Animals Similar To Raccoons (11 Animals That Look Strikingly Like Raccoons)

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Published on January 14, 2023
Last Updated on October 12, 2023

Look at this picture. Imagine you’re in a forest or the outdoors when you suddenly encounter this animal. Can you easily identify what it is? What’s the first thing that comes to mind when you see it?

If you haven’t confused it with another animal and you answered raccoon, then good for you! You might have based the identification on their prominent features, such as black masks across their faces and bushy tails with black rings. However, some might confuse raccoons with other animals, especially those visually very similar to them. 

Don’t worry because we got you! Join us in Floofmania as we present you with animals similar to raccoons – either through how they look or behave and function. We will dig around and see how you can easily spot their similarities and differences. 

The Raccoon And Fellow Procyonidae Species

Raccoon standing with its back curved and its face attentive.

Raccoons belong to the Procyonidae family, which is known for the excellent tree-climbing abilities of its members. The raccoon is the family’s most prominent member, with six other animals that share a huge resemblance.

Of course, this is given, even in humans, right? You have more similarities with your close family members than with your second cousins. 

The other six members of the Procyonidae family that share similar traits and characteristics with raccoons are the following: 

  • Coatis
  • Cacomistles
  • Kinkajous
  • Olingos
  • Olinguitos
  • Ringtails

Let’s get to know each one a bit more and see how they compare with raccoons. 

A bit of a spoiler! While many of the animals we will mention below don’t look a lot like a raccoon, and their only similarities are the fur and markings, they have a lot of shared behavioral qualities. 


Coati standing on a dirt trail next to green bushes, its long tail vertical in the air.

Coatis, also known as coatimundis, are mammals native to Central and South America and some parts of the Southwestern US. 

Their most significant resemblance with the raccoons is their striped tails and face markings, although the coati has a longer and thinner tail compared to the raccoon.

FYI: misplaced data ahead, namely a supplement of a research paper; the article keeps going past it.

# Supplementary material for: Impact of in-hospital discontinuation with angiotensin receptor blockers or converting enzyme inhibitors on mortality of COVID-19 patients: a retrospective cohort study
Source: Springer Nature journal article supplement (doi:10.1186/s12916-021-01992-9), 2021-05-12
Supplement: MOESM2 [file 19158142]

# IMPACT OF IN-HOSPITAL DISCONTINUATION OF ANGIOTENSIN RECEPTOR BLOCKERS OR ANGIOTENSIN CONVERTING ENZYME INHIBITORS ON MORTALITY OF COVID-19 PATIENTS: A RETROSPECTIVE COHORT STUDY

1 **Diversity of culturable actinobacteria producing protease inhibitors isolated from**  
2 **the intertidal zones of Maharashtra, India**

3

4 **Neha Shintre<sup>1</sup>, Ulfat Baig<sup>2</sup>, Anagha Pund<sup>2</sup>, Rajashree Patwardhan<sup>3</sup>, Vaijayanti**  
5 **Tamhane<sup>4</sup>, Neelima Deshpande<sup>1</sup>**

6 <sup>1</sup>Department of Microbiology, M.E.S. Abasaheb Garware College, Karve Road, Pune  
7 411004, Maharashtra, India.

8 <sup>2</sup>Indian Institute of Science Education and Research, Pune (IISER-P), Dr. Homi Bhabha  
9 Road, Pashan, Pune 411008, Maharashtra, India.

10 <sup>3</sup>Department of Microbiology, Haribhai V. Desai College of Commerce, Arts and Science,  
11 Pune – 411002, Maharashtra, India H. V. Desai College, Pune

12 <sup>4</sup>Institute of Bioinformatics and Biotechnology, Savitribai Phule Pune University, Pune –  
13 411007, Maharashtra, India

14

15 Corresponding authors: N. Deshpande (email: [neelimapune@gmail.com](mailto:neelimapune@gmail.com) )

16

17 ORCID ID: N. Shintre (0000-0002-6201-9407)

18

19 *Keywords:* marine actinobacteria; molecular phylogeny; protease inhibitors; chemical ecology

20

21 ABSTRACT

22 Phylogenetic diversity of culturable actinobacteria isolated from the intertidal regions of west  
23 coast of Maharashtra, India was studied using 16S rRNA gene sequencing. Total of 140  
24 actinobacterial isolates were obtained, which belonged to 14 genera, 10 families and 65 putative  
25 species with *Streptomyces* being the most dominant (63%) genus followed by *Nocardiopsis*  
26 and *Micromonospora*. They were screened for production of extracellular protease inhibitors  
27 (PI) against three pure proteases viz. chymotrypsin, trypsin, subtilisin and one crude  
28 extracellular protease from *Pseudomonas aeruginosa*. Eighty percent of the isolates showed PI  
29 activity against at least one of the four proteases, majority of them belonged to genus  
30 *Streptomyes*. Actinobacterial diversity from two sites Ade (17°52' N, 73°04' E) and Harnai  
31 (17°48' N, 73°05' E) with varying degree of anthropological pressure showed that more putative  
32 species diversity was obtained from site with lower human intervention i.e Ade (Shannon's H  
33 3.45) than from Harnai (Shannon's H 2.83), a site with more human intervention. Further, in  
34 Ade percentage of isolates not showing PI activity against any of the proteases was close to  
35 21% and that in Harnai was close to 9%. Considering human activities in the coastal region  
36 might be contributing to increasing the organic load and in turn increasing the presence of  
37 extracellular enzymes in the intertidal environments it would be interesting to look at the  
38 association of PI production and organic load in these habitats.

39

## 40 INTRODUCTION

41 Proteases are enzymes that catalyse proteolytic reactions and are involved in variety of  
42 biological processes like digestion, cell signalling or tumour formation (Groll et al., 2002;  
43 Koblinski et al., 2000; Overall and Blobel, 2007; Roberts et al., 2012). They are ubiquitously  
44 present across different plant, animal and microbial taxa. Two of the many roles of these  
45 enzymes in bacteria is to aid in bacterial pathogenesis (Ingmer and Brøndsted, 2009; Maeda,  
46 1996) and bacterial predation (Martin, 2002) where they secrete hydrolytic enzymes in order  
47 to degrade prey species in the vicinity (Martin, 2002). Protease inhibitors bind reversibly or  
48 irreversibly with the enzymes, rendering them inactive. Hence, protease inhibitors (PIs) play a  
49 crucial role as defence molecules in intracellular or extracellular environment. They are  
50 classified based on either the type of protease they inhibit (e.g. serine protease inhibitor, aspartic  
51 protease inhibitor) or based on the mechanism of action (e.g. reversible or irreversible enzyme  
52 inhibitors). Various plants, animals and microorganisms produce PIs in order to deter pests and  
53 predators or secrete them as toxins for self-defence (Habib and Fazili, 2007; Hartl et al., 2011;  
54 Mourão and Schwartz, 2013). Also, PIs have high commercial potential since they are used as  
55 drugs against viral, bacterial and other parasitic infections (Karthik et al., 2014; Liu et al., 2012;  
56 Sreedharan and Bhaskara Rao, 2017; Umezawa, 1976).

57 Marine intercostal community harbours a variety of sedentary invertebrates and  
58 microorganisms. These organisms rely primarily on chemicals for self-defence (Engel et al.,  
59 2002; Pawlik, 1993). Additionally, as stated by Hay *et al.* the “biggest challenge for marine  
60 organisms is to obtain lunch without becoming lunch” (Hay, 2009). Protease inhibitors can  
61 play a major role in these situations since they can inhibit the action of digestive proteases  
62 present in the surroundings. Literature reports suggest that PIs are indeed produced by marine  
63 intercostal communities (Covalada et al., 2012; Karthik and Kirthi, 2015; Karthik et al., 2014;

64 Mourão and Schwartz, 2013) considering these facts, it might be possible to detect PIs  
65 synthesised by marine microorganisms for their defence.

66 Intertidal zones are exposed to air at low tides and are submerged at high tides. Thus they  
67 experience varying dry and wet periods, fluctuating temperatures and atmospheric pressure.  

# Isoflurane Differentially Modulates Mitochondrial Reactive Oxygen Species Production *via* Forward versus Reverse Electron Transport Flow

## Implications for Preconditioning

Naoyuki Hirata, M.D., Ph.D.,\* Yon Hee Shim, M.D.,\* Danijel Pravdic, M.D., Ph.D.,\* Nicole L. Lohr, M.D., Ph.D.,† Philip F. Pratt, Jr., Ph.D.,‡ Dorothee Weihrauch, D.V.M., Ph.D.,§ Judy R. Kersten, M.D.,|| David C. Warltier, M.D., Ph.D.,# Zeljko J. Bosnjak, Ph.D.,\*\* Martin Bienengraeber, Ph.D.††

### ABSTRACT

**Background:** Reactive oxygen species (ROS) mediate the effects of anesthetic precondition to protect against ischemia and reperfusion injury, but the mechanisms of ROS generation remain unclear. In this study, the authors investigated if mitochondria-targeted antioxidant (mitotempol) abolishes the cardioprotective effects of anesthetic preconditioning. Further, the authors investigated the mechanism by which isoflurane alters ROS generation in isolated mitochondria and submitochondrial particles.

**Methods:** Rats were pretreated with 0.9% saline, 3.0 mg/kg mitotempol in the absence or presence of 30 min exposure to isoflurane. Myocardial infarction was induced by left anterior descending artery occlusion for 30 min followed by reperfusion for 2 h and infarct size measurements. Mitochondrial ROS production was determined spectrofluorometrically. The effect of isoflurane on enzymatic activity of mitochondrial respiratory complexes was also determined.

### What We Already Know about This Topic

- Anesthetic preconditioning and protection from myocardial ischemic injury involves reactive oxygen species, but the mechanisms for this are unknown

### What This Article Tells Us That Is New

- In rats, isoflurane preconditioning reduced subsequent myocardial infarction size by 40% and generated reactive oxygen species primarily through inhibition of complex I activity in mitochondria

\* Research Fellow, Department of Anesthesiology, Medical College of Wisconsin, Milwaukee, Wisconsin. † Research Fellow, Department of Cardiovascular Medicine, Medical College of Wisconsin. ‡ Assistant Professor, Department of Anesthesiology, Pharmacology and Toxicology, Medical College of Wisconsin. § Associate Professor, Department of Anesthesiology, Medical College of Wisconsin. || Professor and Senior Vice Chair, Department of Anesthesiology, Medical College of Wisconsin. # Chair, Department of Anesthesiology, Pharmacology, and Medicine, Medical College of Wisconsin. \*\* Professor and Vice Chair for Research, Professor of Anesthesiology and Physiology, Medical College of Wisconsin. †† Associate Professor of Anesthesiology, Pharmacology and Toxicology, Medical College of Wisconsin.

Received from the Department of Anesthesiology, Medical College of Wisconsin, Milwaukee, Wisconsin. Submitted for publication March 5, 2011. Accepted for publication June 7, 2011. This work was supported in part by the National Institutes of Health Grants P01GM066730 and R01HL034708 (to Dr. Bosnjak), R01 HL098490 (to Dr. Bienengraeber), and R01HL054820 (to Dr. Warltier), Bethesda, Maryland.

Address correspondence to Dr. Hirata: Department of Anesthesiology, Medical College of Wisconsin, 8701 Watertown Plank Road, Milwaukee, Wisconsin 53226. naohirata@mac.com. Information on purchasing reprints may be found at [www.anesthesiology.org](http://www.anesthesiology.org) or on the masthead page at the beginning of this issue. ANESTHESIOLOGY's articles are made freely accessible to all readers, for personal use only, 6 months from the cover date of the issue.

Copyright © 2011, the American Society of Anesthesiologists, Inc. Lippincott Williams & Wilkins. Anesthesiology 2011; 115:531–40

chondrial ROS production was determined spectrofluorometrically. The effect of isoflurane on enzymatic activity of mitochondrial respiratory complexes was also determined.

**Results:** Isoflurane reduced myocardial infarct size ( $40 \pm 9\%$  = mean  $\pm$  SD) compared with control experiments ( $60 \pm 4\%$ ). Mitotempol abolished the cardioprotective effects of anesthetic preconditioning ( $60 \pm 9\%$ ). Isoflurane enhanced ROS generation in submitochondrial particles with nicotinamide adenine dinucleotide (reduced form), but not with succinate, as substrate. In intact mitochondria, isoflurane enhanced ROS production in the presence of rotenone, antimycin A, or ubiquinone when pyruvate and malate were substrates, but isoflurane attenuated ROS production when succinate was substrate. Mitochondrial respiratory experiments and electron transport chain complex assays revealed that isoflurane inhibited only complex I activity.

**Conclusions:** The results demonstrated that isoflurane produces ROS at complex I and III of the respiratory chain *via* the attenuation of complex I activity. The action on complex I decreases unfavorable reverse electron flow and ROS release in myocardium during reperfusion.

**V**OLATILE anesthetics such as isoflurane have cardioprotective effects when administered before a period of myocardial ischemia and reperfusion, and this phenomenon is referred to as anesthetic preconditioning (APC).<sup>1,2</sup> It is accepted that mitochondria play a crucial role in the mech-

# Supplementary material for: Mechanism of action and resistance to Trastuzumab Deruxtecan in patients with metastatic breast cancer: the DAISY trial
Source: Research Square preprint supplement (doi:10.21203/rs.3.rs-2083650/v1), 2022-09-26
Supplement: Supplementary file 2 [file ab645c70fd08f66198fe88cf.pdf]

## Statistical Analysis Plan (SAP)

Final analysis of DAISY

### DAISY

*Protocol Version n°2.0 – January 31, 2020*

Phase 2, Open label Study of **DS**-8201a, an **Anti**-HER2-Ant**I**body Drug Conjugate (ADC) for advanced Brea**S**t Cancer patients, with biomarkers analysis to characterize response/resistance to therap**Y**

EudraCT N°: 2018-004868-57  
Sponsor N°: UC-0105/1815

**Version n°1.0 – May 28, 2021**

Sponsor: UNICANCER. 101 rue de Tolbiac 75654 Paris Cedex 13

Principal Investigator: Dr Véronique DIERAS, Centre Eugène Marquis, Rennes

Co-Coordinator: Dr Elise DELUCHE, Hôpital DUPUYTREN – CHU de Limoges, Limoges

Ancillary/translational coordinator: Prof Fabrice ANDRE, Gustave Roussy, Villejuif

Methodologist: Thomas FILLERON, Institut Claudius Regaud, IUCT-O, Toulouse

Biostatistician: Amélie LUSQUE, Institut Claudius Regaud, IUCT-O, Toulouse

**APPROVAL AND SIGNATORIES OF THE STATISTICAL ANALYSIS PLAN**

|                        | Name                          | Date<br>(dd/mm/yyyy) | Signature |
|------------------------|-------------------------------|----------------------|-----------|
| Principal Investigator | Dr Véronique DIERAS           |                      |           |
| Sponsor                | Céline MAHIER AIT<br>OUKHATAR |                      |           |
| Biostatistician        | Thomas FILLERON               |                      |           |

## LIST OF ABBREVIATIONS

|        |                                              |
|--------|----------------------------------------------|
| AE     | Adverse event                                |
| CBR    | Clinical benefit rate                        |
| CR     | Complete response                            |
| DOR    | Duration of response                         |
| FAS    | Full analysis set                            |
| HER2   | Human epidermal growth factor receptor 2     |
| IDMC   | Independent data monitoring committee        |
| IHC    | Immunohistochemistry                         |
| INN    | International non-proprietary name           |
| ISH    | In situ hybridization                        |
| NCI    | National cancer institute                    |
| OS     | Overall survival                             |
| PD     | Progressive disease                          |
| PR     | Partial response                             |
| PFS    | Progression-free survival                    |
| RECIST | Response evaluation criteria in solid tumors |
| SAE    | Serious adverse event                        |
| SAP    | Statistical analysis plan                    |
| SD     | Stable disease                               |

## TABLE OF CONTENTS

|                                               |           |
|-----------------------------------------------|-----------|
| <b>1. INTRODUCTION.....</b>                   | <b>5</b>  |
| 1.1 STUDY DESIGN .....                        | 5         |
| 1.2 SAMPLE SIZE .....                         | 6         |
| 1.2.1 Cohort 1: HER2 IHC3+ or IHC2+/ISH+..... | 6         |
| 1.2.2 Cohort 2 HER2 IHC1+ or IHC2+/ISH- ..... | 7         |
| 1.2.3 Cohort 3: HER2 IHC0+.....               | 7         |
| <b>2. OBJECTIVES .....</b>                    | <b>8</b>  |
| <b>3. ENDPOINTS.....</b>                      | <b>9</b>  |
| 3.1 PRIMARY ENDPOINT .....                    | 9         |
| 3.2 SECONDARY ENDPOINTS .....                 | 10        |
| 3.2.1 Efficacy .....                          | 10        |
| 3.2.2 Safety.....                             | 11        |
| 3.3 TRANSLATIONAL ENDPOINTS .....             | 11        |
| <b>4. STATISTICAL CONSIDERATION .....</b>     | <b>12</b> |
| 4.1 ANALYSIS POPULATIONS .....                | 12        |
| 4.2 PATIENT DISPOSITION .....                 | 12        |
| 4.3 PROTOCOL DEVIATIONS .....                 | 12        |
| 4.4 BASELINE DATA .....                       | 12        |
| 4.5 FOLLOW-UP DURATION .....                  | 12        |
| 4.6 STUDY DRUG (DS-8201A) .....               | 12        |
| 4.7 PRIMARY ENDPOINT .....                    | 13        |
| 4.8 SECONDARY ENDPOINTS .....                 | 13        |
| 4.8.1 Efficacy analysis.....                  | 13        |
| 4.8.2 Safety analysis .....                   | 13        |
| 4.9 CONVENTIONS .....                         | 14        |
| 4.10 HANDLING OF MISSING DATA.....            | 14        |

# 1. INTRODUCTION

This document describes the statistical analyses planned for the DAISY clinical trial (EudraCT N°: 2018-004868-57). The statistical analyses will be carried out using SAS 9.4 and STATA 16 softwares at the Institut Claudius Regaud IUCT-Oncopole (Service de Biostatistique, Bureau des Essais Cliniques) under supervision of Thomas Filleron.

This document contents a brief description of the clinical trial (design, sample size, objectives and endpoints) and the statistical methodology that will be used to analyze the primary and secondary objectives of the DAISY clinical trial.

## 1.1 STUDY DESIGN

There is also a similarity between their body color, as they are typically a mixture of gray, brown, and black. But to easily distinguish them from each other, remember that the prominent color among raccoons is gray and brown for coatis. 

Like raccoons, coatis are adaptable animals that can survive in different environments, from rainforests to grasslands. This is thanks to their agile hands and formidable claws, which also allow them to be good climbers. Both are resourceful omnivores, consuming a wide range of insects, plants, invertebrates, and small vertebrates. 

Aside from a number of similarities, coatis and raccoons also have significant differences. On top of this is their length. The coatis are longer than raccoons, with their length ranging from 29 to 54 inches, while raccoons are only about 30 to 36 inches long. However, raccoons are a little heavier compared to coatis. 

Another difference is evident in their behavior. While raccoons are nocturnals, coatis are diurnal, which means they do most of their activities during the day. So yes, you are more likely to encounter a coati over a raccoon when the sun is still up.


The cacomistle is another member of the Procyonidae family. They are relatively small, with tails that are almost the same length as their bodies. Similar to raccoons, cacomistles have whiskers, masked faces, and striped tails that both fade to black at the ends.

But where the face markings of raccoons are black, those of the cacomistles are white. This animal also shares almost the same color combination as the raccoon, as evident in its grayish-brown fur.